Today’s high-end automotive electronic systems typically utilize multiple networks, including CAN, LIN, FlexRay, MOST, Bluetooth and others — all operating in the same vehicle at different data rates. The near future will see cars using LAN interfaces to communicate with the infrastructure and with each other, underscoring the need for circuits designed to prevent interference among automotive frequency bands. Because of their greater efficiency, switching power supplies are seeing rapid growth in automotive applications. However, SMPS operate at frequencies that can couple into adjacent circuitry and thus interfere with other systems. This key design challenge is answered with switch-mode power supply ICs that are user-selectable for operation at different frequencies depending on the application. In this way, interference with other systems is completely eliminated. Another solution, LVDS ICs for video transmission, uses spread spectrum technology to reduce interference with other systems. These ICs also reduce emissions by allowing users to adjust signal swing to lower signal levels. USB interfaces are being introduced for portable device connection in automotive applications owing to the development of single- and dual-channel USB power management ICs that protect against inrush currents or excessive current draw from connected devices.
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Jay Tyzzer, Nordic Semiconductor Jay Tyzzer, Nordic Semiconductor

A Body Area Network (BAN) is a group of wireless sensors carried by a human, such as the Nike + iPod Sport Kit that uses a sneaker-based sensor and iPod Nano to enhance training.
BAN sensors must be light, compact and...inconspicuous. That means coin cells, and that means sensors that boast ultra low power consumption if those tiny batteries are to last nearer a year than a day.
For a one-size-fits all global wireless solution, the 2.4 GHz ISM band means interference. Employ a robust co-existence strategy within the BAN sensors. This isn’t aided by the human body’s 60% water content – a great electromagnetic radiation absorber.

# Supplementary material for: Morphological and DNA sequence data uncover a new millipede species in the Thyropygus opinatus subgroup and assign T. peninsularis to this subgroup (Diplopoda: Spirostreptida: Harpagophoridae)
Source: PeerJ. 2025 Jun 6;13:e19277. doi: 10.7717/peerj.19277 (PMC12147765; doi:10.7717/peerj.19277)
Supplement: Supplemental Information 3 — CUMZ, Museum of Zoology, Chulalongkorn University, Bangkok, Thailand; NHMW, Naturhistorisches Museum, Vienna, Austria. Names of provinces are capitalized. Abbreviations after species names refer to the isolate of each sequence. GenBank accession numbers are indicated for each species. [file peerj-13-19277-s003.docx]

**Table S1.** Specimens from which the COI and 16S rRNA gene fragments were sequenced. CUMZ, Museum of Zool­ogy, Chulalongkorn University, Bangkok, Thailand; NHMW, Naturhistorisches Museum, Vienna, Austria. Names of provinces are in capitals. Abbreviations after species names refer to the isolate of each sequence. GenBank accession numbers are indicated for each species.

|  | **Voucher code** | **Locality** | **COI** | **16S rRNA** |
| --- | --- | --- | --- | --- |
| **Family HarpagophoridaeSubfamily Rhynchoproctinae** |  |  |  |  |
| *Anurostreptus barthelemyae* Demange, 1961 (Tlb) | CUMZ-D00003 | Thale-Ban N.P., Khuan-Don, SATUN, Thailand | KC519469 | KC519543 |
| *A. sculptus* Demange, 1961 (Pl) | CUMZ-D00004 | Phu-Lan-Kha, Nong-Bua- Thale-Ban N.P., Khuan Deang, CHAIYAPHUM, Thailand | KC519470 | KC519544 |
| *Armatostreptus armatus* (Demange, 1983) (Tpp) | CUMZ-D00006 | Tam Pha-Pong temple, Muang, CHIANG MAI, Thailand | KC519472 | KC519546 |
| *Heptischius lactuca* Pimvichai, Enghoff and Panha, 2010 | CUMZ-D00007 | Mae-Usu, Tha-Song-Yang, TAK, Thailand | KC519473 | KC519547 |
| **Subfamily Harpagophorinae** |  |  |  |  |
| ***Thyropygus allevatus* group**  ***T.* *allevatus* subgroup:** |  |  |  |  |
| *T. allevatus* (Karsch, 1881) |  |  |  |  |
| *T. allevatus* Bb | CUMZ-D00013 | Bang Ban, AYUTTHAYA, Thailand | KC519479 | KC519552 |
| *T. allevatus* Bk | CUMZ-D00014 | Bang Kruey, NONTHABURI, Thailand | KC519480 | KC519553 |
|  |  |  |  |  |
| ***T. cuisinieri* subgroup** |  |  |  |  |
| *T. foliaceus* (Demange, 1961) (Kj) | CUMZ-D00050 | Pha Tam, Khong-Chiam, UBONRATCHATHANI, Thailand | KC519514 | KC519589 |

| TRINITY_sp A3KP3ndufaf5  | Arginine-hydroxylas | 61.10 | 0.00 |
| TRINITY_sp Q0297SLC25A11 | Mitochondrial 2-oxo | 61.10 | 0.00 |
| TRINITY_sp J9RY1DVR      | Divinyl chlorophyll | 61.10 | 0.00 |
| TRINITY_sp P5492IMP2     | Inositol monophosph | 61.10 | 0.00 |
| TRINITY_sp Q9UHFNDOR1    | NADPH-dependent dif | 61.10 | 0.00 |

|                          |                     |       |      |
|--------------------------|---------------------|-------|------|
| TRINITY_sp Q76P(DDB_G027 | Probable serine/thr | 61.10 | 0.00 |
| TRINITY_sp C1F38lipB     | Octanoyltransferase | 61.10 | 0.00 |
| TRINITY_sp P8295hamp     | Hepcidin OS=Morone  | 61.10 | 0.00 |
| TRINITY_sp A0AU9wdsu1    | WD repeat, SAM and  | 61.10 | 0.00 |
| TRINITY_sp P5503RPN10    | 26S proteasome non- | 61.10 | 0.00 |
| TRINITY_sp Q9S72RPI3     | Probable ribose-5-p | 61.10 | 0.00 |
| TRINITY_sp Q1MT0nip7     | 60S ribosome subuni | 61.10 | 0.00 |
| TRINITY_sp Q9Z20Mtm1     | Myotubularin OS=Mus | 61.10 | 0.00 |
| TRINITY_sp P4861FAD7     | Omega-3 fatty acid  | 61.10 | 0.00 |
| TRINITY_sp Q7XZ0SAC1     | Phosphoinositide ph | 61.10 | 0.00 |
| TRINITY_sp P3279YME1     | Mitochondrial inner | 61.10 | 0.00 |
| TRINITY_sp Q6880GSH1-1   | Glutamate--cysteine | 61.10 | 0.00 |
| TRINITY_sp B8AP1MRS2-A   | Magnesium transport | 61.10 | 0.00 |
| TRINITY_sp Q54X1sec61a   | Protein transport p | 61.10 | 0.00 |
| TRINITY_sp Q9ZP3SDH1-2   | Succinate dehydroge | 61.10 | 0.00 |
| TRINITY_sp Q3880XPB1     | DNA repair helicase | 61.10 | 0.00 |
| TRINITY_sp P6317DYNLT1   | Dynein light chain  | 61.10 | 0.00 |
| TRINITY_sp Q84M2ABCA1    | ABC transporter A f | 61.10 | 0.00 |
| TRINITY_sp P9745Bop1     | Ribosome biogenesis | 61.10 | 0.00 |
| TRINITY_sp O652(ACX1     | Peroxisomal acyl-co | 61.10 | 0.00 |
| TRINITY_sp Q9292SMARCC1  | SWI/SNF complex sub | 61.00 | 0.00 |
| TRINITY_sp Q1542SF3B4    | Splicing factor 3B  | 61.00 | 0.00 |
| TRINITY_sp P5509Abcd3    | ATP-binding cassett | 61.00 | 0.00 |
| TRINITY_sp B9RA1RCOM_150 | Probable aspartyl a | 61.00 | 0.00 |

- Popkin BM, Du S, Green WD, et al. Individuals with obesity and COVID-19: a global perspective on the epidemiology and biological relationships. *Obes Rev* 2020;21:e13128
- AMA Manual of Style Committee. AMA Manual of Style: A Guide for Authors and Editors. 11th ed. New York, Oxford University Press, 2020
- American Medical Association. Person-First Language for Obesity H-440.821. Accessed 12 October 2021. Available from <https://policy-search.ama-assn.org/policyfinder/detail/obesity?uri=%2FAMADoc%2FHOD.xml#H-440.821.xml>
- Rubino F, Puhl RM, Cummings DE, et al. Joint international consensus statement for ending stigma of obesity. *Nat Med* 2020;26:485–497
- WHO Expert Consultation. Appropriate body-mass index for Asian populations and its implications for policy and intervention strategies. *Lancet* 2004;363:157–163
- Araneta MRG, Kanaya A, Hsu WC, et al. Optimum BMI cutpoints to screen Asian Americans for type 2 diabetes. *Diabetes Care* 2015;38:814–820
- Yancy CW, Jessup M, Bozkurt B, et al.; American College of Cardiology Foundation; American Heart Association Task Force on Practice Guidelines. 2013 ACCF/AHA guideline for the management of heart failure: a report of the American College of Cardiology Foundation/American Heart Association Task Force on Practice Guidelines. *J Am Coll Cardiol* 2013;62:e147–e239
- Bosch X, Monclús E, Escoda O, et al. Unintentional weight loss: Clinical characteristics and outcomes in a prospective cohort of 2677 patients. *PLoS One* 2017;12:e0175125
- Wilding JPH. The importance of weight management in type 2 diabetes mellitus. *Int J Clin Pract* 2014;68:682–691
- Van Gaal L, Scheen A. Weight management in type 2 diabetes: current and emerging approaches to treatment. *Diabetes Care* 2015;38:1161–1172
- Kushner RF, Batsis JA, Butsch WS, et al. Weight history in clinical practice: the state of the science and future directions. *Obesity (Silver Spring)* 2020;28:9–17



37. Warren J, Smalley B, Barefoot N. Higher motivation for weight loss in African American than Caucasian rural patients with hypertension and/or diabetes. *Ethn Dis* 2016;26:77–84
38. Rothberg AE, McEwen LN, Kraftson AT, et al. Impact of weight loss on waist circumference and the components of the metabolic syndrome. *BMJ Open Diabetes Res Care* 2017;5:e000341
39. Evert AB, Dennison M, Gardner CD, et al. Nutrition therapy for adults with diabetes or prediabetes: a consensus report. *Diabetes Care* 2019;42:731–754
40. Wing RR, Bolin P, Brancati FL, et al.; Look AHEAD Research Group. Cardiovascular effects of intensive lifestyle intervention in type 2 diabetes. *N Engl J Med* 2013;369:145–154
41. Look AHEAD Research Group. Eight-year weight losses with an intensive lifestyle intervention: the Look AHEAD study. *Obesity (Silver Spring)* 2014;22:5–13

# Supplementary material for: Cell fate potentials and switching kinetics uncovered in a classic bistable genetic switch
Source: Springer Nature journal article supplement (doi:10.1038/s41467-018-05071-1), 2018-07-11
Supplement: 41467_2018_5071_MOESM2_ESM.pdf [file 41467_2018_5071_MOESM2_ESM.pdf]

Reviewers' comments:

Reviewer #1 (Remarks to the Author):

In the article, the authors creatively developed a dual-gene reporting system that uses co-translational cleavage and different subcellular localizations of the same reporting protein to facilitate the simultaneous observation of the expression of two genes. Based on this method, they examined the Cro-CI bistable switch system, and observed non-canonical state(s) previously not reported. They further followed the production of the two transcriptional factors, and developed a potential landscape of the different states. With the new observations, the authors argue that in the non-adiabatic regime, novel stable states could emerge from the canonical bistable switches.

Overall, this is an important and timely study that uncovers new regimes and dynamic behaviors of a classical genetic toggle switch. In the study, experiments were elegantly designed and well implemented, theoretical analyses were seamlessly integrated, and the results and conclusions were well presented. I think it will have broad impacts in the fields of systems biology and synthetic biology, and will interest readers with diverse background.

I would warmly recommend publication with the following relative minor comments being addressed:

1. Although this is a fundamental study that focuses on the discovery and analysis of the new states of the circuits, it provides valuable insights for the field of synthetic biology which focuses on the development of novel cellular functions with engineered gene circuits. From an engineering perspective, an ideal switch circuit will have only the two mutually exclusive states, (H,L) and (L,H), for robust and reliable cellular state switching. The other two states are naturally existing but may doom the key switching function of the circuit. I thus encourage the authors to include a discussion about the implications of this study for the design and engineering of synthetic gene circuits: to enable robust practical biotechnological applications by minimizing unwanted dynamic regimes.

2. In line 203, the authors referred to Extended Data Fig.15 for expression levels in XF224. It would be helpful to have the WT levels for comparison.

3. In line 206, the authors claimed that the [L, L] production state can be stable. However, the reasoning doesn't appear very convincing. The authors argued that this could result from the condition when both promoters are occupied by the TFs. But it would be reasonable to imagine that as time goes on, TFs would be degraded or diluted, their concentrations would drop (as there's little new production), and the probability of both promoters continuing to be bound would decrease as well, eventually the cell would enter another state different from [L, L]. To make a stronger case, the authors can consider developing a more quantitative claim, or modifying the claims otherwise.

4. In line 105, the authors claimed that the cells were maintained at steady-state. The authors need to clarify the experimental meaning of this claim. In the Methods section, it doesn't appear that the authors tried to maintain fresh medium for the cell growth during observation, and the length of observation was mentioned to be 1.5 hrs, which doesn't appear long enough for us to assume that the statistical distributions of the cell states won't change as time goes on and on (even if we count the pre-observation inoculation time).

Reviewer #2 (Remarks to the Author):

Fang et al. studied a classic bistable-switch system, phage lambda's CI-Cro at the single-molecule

BANs...must “plug and play”...out of the box. A 2.4 GHz RF transceiver for BAN applications should handle around 12 mA peak transmit/receive currents with average operating currents of 2 µA. When combined with an optimized protocol stack, a one-year battery life on a CR2032 coin cell is often achievable.
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Kurt Radtke, ZMDKurt Radtke, ZMD 

In automotive electronics, sensor and actuator and ECU applications do not demand expensive solutions...The data implemented as analog signals, typically in a linear voltage range of 0.5V to 4.5V...due to the MCU on the ECU, which provides several analog inputs with required integrated ADCs. A resolution of 12 bits is almost always sufficient for this situation.  
When SSC-suppliers require a digital signal to adjust sensors, extra steps are taken to make the conversion, resulting in an increased accuracy of 16 bits.
There is PWM-signal processing (which) cannot be defined as a purely digital communication signal since the pulse modulation is still an analog component.
Rather than unnecessarily expensive systems...use digital signal processing for simple stand-alone sensors. When transmitting digital signals, implementation works well when based on communication standards like LIN or PAS.